Broadcast networks are in big trouble this season if federal regulators add being derivative to the list of TV trespasses.
Networks are copying their own series, sometimes with a third or fourth edition (“CSI,” “Law & Order”) or putting on shows that have the whiff of copycat about them (“The Contender” vs. “The Next Great Champ”).
Television is used to milking ideas for all they’re worth, but the trend is nearly overwhelming in the 2004-05 season — nearly, but not quite.
There are a few wayward and promising originals, including ABC’s suburban satire “Desperate Housewives”; CBS’ coming-of-age baseball drama “Clubhouse”; the WB’s “Jack & Bobby,” about a future U.S. president’s youth, and NBC’s animated Siegfried & Roy comedy “Father of the Pride.”
Mostly, however, viewers will get what’s been proven to work because networks figure playing it safe is the sanest course of action.
“The networks will continue to create similar shows or variations of franchises as long as the audience continues to watch,” said industry analyst Bill Carroll of Katz Television Group.
Since people flock to CBS’ “CSI: Crime Scene Investigation” and “CSI: Miami,” give ’em “CSI: NY.” Or a fourth “Law & Order, coming midseason. Or two more reality series in which rich guys spread the wealth in the tradition of NBC’s hit “The Apprentice” (“The Benefactor,” “The Billionaire: Branson’s Quest for the Best”).
After all, one of the best characterizations of the medium, right behind Newton Minow’s “vast wasteland,” is the late satirist Fred Allen’s assertion that imitation is the sincerest form of television.
There’s deja vu in casting as well, with familiar TV faces in new places, among them Rob Lowe (“The West Wing”) in “dr. vegas”; Neal McDonough (“Boomtown”) and Kelli Williams (“The Practice”) in “Medical Investigation,” and John Goodman (“Roseanne”), Jean Smart (“Designing Women”) and Ed Asner (“Lou Grant”) in “Center of the Universe.”
(Heck, even “Jeopardy!” is bringing back last season’s ongoing champion, Ken Jennings, when the syndicated game show returns in September.)
The goal for networks is to keep their footing in the unending battle against cable TV’s innovative, often racy programming which broadcast can match in only a pallid fashion.
If it tries to do more than that, the Federal Communications Commission is waiting to enforce indecency regulations — now even more vigorously since Janet Jackson’s Super Bowl exposure.
Broadcasters may need a laugh but they’re not searching for comfort in comedy. A paltry seven new sitcoms are debuting, making an already drama-heavy schedule even more so. All told, the six networks will field up to 49 dramas by the first quarter of 2005, compared to some 37 comedies.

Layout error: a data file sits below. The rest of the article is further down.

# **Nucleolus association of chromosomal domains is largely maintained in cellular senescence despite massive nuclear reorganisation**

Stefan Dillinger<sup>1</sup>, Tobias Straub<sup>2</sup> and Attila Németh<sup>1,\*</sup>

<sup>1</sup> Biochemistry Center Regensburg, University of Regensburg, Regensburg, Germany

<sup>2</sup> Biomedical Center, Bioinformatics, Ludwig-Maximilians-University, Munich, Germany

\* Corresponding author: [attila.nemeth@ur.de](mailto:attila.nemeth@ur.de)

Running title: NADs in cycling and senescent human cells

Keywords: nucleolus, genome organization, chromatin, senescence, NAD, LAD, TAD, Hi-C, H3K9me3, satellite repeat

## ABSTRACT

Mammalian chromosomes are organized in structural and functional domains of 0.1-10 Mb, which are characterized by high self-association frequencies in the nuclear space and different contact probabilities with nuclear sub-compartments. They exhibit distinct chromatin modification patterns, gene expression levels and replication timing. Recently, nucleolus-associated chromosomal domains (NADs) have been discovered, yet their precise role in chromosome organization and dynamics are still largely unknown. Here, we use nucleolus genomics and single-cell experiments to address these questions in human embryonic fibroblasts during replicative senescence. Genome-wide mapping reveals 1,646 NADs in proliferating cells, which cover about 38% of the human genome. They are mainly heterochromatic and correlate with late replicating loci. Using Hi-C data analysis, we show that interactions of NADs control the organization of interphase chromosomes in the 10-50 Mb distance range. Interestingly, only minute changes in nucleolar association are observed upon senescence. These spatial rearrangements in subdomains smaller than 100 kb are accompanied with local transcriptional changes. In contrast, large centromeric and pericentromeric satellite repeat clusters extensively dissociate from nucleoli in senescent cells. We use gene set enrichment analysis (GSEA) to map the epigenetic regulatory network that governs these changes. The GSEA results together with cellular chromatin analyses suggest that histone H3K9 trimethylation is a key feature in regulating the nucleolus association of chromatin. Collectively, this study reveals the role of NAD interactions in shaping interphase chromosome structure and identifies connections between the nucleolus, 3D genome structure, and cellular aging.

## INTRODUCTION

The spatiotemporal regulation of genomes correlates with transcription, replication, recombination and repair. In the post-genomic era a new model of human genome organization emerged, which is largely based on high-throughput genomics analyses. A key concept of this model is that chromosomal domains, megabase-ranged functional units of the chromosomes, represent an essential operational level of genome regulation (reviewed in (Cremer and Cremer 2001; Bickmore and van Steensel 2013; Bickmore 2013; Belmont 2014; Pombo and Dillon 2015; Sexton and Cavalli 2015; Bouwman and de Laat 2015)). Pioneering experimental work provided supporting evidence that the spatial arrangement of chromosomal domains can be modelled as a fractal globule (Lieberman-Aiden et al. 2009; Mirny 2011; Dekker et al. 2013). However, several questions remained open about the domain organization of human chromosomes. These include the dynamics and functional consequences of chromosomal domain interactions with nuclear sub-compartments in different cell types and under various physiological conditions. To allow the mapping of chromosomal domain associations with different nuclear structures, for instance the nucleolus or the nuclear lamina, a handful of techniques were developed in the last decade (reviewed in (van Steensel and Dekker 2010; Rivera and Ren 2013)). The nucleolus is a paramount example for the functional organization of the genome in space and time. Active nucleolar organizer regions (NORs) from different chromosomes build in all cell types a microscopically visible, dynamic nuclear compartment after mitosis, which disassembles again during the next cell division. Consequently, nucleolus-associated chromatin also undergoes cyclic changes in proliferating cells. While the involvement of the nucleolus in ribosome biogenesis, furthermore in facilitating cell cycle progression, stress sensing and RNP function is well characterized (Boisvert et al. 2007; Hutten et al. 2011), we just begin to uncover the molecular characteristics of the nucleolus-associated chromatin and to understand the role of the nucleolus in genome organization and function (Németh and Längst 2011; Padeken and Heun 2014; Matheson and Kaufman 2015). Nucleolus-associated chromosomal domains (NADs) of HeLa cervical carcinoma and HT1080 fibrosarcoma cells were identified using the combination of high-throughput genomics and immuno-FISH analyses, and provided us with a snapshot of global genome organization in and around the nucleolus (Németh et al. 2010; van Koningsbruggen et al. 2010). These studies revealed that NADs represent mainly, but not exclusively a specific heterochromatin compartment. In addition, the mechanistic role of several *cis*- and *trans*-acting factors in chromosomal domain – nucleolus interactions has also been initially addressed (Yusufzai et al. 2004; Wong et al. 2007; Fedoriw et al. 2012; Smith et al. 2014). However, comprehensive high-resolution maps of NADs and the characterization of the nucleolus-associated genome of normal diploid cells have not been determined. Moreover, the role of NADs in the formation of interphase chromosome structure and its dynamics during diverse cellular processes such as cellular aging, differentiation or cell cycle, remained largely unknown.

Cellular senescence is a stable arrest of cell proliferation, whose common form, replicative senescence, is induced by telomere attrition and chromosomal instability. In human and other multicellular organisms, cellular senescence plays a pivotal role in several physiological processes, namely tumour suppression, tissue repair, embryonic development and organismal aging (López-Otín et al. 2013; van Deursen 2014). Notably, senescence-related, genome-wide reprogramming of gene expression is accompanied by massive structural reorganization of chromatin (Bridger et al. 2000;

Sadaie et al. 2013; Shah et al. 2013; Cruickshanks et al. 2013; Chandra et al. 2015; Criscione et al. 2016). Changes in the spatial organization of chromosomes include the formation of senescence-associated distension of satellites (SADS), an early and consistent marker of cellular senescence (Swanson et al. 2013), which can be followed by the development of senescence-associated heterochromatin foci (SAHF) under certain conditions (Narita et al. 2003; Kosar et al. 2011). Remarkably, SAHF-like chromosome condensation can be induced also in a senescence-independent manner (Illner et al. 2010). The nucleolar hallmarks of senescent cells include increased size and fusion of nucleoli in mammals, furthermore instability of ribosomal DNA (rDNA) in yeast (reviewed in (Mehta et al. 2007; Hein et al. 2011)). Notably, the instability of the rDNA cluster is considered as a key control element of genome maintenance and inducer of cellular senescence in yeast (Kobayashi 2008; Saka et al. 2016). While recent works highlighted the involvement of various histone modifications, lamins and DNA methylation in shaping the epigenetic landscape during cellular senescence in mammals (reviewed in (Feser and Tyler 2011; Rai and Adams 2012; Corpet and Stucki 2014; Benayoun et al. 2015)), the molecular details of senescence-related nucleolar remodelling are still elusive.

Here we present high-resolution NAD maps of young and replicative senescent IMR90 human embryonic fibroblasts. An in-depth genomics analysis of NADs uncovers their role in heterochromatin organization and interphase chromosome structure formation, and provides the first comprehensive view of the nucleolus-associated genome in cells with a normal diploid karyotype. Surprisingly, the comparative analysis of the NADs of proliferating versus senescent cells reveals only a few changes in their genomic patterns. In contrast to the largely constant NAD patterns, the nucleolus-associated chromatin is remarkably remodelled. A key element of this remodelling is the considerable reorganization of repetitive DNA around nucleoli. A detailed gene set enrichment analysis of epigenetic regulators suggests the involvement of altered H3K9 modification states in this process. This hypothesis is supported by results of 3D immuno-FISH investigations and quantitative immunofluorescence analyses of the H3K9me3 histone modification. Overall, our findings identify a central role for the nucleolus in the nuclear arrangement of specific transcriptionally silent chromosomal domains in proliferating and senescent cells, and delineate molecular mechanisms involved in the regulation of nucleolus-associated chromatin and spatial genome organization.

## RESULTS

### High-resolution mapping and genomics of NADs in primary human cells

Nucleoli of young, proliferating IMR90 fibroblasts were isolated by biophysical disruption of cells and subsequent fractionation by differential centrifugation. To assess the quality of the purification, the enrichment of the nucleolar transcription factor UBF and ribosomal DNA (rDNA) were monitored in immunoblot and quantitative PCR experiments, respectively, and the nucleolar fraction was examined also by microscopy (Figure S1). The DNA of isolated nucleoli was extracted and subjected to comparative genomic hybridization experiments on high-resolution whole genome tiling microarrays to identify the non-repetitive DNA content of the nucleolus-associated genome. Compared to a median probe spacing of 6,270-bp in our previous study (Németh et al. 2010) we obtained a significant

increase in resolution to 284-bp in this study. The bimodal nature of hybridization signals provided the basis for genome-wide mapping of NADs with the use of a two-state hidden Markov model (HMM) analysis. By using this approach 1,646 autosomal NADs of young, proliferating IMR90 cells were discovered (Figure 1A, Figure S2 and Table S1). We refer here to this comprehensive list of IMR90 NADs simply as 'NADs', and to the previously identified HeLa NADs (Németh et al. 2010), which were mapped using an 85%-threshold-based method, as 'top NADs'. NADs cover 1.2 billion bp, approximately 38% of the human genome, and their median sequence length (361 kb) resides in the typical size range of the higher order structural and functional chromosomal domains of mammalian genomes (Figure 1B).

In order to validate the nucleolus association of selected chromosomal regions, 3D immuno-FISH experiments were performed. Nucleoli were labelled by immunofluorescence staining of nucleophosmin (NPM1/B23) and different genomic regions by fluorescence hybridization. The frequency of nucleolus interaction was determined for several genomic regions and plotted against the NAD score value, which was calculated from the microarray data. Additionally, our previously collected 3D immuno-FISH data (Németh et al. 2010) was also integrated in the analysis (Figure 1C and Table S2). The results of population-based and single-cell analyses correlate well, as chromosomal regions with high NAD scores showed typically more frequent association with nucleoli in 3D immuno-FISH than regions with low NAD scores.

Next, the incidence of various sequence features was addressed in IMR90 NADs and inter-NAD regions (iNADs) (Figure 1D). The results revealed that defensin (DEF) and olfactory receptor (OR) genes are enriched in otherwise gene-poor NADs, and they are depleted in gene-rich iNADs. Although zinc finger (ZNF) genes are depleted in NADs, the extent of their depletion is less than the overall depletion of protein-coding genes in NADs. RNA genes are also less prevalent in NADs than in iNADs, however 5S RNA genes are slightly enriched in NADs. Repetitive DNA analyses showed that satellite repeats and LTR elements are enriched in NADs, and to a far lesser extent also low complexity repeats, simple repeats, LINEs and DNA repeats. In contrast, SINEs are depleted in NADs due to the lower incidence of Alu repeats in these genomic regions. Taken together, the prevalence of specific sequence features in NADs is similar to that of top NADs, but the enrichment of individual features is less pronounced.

For the first time in two decades, NBC won’t have four sitcoms on Thursday night. It will have “Joey,” the “Friends” spinoff starring Matt LeBlanc and one of the season’s high-profile newcomers.
Reality checkAnother season hallmark is the sizable number of new reality shows — six — and their introduction at the season’s start. This year, they’re not second-string substitutes for failed dramas and sitcoms.
The result: an extreme, if gradual, makeover.
“Comedy and newsmagazines are pushed out by the influx of reality shows — or infestation,” said Shari Anne Brill, an analyst with the ad buying firm Carat USA.
Advertisers welcome the shows because they attract younger viewers but don’t like how they play havoc with marketing plans when abruptly tossed on the air, said TV analyst Stacey Lynn Koerner of Initiative Media.
“There’s nothing more irritating to an advertiser to be told you’re scheduling a scripted series and then you change it to a reality series,” she said, because the audience shift has a ripple effect across the dial.
Order is relative, however. The tradition of all shows debuting in the same fall week has been upended despite the season’s official Sept. 20 start date.
Fox, accommodating the interruption caused by its postseason baseball coverage, is moving to year-round scheduling. It already debuted a trio of series (“North Shore,” “Quintuplets” and “Method & Red”) in June.
WB had its own summer rollout in July with “Studio 7” and “Blue Collar TV.”
NBC, seeking to capitalize on its new series promos during the Olympic Games, is introducing part of its schedule immediately after the Games wrap up Sunday.
Now, let the Network Games begin.